PEOPLE often talk about “fighting” cancer.
And Dean James has done just that.
He was diagnosed with life-threatening colon cancer when he was just 19, and subsequently endured three operations and seven months of chemotherapy.
But that didn’t dampen his battling spirit and Dean went on to defy his doctors’ orders to take up combat sports and, incredibly, become a Muay Thai world champion.
Dean, who comes from Wolverhampton, was a typical sporty teenager who discovered combat sports at a young age when he would playfight with his dad in the lounge for practice.
He was inspired by the explosive sequences of Muay Thai, a traditional Thai martial art which combines the use of fists, elbows, knees and shins, while working out in the gym one day following his devastating diagnosis.
“I tried to keep fit after being diagnosed,” says Dean, now 32.
“I’d always enjoyed sport and wanted to stay in shape.
“I was five months into my treatment when I discovered Muay Thai one day when I went with a friend to the gym and saw a couple of guys training.
“I was blown away. I couldn’t believe how someone could generate so much power into a pad.
“I found myself wondering what sport these guys were doing, and I learnt a lot about Muay Thai just by watching it.
“My body wasn’t ready for intense combat at first following my treatment, but watching it all from the ringside was intellectually stimulating and gave me something to focus on.”
In a bid to stay fit and positive, Dean started to incorporate the boxing style into his training, which provided him with the perfect outlet for the pent-up anger, frustration and pain he’d experienced during his months of treatment.
“Training in Muay Thai was like a physical and emotional release for me,” he admits.
“I had spent so much time in hospital, I felt I was missing out on so much.
“I guess that frustration built up inside me over time.
“Instead of getting angry with the hand I’d been dealt, punching and kicking the bags made me feel so much better.”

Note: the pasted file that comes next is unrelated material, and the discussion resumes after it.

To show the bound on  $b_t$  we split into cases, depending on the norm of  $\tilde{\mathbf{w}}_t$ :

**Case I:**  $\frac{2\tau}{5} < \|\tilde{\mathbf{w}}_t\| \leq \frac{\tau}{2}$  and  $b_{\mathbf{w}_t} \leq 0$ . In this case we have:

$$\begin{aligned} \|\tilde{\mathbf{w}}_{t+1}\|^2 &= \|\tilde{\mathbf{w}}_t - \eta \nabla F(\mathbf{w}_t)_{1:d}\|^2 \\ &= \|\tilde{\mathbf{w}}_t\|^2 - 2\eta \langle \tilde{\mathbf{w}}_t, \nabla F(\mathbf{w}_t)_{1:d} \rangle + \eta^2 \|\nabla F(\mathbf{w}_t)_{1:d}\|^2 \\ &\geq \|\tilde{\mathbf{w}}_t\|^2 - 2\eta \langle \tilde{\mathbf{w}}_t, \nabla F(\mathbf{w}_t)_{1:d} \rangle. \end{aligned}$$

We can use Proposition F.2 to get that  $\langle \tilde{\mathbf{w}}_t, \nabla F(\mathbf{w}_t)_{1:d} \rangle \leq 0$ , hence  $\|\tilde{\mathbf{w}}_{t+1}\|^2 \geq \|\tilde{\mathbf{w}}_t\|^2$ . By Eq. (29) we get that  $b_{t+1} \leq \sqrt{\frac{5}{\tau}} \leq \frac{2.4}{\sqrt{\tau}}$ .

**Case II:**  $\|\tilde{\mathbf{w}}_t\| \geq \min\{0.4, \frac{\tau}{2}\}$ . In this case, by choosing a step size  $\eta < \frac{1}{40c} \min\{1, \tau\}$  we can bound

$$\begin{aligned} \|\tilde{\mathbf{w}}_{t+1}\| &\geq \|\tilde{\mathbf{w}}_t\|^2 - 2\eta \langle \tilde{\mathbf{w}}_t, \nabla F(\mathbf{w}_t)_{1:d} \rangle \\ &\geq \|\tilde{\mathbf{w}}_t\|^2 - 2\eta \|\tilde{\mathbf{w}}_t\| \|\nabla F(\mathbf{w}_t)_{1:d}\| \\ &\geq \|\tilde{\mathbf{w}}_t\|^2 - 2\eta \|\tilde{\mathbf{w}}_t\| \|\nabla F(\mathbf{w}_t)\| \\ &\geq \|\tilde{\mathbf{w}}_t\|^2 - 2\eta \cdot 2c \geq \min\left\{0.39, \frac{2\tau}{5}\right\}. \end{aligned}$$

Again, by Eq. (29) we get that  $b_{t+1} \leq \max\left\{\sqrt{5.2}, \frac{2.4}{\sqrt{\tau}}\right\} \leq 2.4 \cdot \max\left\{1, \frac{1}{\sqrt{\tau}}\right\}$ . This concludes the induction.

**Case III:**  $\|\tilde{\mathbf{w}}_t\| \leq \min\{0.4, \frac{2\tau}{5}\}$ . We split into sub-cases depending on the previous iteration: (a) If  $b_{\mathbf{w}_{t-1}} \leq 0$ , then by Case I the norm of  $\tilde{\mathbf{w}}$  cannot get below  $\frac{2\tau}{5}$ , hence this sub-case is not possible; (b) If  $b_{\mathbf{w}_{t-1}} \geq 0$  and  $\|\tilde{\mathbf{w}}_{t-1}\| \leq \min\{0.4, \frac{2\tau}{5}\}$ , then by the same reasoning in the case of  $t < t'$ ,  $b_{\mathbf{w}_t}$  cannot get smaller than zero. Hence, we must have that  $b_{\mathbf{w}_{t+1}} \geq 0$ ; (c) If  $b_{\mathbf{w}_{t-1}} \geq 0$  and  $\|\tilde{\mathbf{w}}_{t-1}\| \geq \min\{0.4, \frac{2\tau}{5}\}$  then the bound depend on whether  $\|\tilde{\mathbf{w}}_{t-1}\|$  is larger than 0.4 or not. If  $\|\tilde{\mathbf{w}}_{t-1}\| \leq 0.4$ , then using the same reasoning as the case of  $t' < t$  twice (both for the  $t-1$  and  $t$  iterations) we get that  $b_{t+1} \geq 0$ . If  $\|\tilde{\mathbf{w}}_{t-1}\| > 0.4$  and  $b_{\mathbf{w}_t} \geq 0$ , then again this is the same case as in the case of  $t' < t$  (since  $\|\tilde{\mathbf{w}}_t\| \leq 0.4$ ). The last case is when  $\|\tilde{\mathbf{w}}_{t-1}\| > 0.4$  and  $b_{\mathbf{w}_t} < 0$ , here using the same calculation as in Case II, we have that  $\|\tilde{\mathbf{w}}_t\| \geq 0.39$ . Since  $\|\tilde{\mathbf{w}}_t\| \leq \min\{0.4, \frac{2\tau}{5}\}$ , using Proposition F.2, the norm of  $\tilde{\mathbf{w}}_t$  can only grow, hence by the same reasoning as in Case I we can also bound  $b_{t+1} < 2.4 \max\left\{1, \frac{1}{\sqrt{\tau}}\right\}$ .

The combat sport also boosted Dean’s self-confidence and in the years that followed his chemotherapy and recovery, he went on to win three different world titles at three separate weight divisions, as well as Commonwealth and European championships.
But none of this success came overnight, and Dean’s journey has not been an easy one.
He had to drop out of university after his diagnosis, and was also forced to hide his Muay Thai passion from his parents, knowing they would fear for his health if they found out.
“I also kept it from my doctors who’d advised against it for fear of me splitting stiches,” Dean adds.
“I’d been so frustrated in the first few months after my diagnosis, but Muay Thai helped me so much.
“I couldn’t dive straight in because of my health but by watching the sport and eventually participating in it, I found myself surrounded by terrific role models and nice people.”
And now Dean’s a role model himself.
He’s a full-time PE and art teacher at Spring Hill High School, an independent school in Central Birmingham for children and teens with Behavioural, Emotional and Social Difficulties (BESD), autism and underlying mental health issues.
Dean incorporates many traits and skills from Muay Thai in his teaching, including positive mental attitudes, winning mindsets, ambition and determination.
“If someone tells me I can’t do something, I will do it to prove them wrong,” he nods.
“This is the type of mind-set and drive I try to instil into my students — most of the time, all you need is the confidence and support to overcome a challenge and succeed.”
Dean, considered the best Muay Thai fighter outside Thailand, has signed with Tanko Management to develop his career and fight competitively against international opponents.
His headmistress, Sheraine Reid-Ferguson, his pupils and their parents are all very supportive.
The pupils love the fact “Mr James” is a champion boxer, with a minibus full of them turning up to surprise him at his most recent bout.
Sheraine says: “Dean possesses a skill-set that underpins a strength of character, which helps him to match the intensity that is required to work with some of the most challenging and vulnerable children in the UK.”
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